Lawrence Macaulay, agriculture minister of Canada has begun a five-day visit to India. He is leading a 20 member delegation of Canadian agri-food companies and associations. The stated objective of the business delegation is to strengthen India-Canada trade relationship. What is not so explicit, is a plan to end the current uncertainties relating to the export of pulses to India.
Canada is the largest supplier of pulses to India, a commodity whose chronic demand supply gap has been a matter of serious concern on multiple fronts - fiscal, inflation, food security and agriculture - in India. In 2015/16, the country imported $ 1.42 billion worth of pulses from Canada.
What troubles Macaulay is India's recent decision to implement a rule that necessitates fumigation of pulses with a chemical methyl bromide (MBR), as a phytosanitary measure, from the country of origin itself. The rule is to become operational on April 1 onwards, after which India can reject consignments carrying pulses that are not treated with MBR in the originating country itself. India's Plant Quarantine (PQ) department has been relaxing this rule for several years due to various reasons, the main reason being scarcity of pulses. Finally, it was decided that all agri-commodity consignments and cargo arriving without MBR fumigation from load port will be rejected.
Canada's problem is that the country is one among the 60-odd countries that have banned the use of MBR as it depletes ozone layer. At the same time, India is too attractive a pulses market for Canada to ignore. A third of its pulses exports are to India.
RATIONALE FOR BAN
India believes that it has being giving undue concession for too long. Agriculture ministry officials state that the export of agri-commodities, globally, is done according to the norms prescribed by the plant quarantine norms of the importing country. Every Indian exporter follows the conditions of the destination country. It is also known that no other country in the world offers any relaxation for non-compliance. India is the only country where such a facility is given to the trade.
The Indian argument is that MBR is the only effective fumigant that can eradicate pests and insects across all four stages - egg, larvae, pupae and adult. The PQ department says that untreated import of agri-cargo might contain eggs and larvae that can metamorphose into adults in transit and affect India's bio-security, soil and crops. Further, India states that there is no international obligation that requires ban on MBR as the Montreal Protocol has not banned the use of MBR for fumigation of harvested and stored crop. It only bans the use of MBR in the field on the soil.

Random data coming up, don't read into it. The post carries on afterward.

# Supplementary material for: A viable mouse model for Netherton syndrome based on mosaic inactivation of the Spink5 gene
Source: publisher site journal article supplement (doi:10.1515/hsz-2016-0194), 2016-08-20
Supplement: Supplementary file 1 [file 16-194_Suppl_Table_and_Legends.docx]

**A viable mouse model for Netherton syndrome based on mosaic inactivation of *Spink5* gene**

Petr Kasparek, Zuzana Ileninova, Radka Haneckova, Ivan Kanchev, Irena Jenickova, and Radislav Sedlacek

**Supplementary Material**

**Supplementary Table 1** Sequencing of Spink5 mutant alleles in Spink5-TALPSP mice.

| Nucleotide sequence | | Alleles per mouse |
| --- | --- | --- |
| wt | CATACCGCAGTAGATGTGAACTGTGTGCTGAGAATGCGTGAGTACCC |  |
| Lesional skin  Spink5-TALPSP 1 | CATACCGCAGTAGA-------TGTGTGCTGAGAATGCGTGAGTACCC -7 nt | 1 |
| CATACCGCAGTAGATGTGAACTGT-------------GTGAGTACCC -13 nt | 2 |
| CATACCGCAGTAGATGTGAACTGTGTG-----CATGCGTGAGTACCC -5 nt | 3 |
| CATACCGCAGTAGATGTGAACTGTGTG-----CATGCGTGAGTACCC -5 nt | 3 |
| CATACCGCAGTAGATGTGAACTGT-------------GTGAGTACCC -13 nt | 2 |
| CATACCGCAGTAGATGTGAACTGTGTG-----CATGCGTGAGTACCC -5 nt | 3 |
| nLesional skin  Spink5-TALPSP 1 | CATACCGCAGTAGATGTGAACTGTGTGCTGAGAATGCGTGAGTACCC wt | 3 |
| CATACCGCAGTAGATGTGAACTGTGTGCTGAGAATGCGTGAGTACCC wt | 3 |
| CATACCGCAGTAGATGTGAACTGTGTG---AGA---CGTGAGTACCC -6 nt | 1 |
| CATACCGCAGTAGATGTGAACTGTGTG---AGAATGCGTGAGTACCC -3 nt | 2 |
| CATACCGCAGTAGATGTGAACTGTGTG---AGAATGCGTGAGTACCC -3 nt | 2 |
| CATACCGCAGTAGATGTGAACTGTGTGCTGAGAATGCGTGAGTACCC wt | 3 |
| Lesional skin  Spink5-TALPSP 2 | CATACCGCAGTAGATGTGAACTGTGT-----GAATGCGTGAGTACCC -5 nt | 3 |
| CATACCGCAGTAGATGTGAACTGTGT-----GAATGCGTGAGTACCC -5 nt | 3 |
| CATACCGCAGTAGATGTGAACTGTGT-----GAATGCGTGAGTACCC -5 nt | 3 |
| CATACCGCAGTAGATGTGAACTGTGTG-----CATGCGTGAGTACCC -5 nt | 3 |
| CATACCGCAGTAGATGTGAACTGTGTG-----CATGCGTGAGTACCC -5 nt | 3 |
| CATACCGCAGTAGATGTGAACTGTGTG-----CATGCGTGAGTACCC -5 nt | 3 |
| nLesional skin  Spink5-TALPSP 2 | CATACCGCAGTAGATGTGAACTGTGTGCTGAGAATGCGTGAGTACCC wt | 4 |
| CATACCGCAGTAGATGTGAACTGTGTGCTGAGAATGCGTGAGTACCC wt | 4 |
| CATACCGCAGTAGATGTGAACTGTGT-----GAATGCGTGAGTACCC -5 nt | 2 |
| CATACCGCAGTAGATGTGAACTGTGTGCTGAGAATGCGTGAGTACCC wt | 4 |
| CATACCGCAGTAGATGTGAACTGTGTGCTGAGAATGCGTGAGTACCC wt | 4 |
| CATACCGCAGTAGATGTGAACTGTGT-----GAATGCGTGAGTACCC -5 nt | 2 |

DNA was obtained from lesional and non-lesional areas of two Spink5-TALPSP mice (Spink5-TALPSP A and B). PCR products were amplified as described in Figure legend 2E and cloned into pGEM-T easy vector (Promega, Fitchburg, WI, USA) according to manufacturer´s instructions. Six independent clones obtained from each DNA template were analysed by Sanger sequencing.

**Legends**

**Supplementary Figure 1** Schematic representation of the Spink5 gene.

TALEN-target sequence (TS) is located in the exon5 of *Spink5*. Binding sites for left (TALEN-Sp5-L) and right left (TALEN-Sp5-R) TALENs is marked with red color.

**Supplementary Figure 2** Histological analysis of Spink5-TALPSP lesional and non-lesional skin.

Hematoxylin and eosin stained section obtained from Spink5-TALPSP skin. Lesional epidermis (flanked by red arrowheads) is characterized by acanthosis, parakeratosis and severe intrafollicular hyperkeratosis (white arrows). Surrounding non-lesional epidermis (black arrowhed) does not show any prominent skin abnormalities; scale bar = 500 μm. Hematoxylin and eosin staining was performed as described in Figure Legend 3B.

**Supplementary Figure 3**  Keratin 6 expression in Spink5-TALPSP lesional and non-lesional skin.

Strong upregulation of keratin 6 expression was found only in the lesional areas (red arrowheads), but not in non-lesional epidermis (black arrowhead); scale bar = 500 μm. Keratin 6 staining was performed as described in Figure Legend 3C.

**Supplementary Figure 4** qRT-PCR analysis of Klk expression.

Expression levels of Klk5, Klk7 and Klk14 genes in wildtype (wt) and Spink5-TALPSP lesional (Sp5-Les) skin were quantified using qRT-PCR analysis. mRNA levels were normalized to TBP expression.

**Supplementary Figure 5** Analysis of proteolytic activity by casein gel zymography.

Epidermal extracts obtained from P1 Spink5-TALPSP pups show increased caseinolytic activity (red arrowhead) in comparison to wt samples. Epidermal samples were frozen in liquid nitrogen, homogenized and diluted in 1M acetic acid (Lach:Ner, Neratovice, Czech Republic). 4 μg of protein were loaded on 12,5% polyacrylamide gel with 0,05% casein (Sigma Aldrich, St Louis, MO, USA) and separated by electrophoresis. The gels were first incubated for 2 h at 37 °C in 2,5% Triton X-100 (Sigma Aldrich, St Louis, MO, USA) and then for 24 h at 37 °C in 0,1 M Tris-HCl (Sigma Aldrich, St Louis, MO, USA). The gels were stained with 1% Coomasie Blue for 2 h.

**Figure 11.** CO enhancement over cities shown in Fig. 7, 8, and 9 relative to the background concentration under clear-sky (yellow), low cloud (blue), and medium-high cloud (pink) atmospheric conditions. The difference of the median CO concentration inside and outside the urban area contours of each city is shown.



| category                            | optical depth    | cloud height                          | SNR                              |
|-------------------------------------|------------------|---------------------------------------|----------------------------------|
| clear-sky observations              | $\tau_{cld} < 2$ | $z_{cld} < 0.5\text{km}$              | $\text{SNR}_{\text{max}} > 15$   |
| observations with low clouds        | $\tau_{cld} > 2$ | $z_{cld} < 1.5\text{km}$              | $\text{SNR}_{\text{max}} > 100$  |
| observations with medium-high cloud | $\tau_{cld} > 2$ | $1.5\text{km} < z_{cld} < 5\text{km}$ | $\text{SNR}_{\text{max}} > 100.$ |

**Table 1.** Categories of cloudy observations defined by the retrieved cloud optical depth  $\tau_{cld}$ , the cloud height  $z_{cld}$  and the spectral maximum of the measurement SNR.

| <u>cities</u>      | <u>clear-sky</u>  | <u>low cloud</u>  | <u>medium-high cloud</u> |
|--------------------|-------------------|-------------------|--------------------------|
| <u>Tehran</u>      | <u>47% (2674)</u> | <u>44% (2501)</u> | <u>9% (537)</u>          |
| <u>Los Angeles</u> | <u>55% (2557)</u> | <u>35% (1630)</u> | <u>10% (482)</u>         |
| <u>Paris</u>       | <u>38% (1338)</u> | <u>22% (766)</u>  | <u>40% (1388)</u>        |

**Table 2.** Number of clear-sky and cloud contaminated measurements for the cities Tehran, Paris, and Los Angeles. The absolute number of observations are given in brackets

A more mundane reason for taking a firm position on non-extension of relaxation in the fumigation rule could be the recent surge in domestic production of pulses. The production of pulses is expected rise 35 percent from 16.4 million tonnes last year to 22.1 million tonnes in 2016/17.
The government wants to make India self sufficient in pulses in the next three years to reduce the subsidy burden it has in procurement of pulses at support prices. The government had provided Rs 900 crore - revised to Rs 3,400 crore - for price stabilization fund in 2016/17 to check volatility of prices of essential commodities, particularly pulses. It was also meant to create buffer stock of pulses through domestic procurement and imports. The budget allocation for price stabilization fund for 2017/18 is Rs 3,500 crore.
Canada has an ally in the Indian Pulse and Grain Association (IPGA), a body of pulses traders and importers in the country. In a representation to the Agriculture Ministry, the association has sought another interim-extension. The IPGA points out that the import for the next season will start from August onward. The orders for that will have to be placed from next month (April). Ïf the decision to reject non-compliant consignments is implemented from April 1, importers will not place their orders. There is a strong possibility of imports from countries like Canada, US, France, Russia and East Africa coming to a standstill and leading to shortage of pulses and increase in prices, they say.
The importers want March 31 to be last date when consignments can be boarded from port of origin under the existing relaxed conditions. This will enable the vessels that are bound to India with such consignments to begin their travel, they say.
Macaulay will try to find a solution to the problem to end the uncertainties plaguing its pulse farmers. Canada going back on its MBR commitments seems to be out of question. India may agree for an interim relaxation. But that cannot be a permanent solution. A mutually acceptable alternate means of fumigation could be one. But that cannot happen overnight.
Pulses will remain on the agenda for India-Canada trade discussions for sure.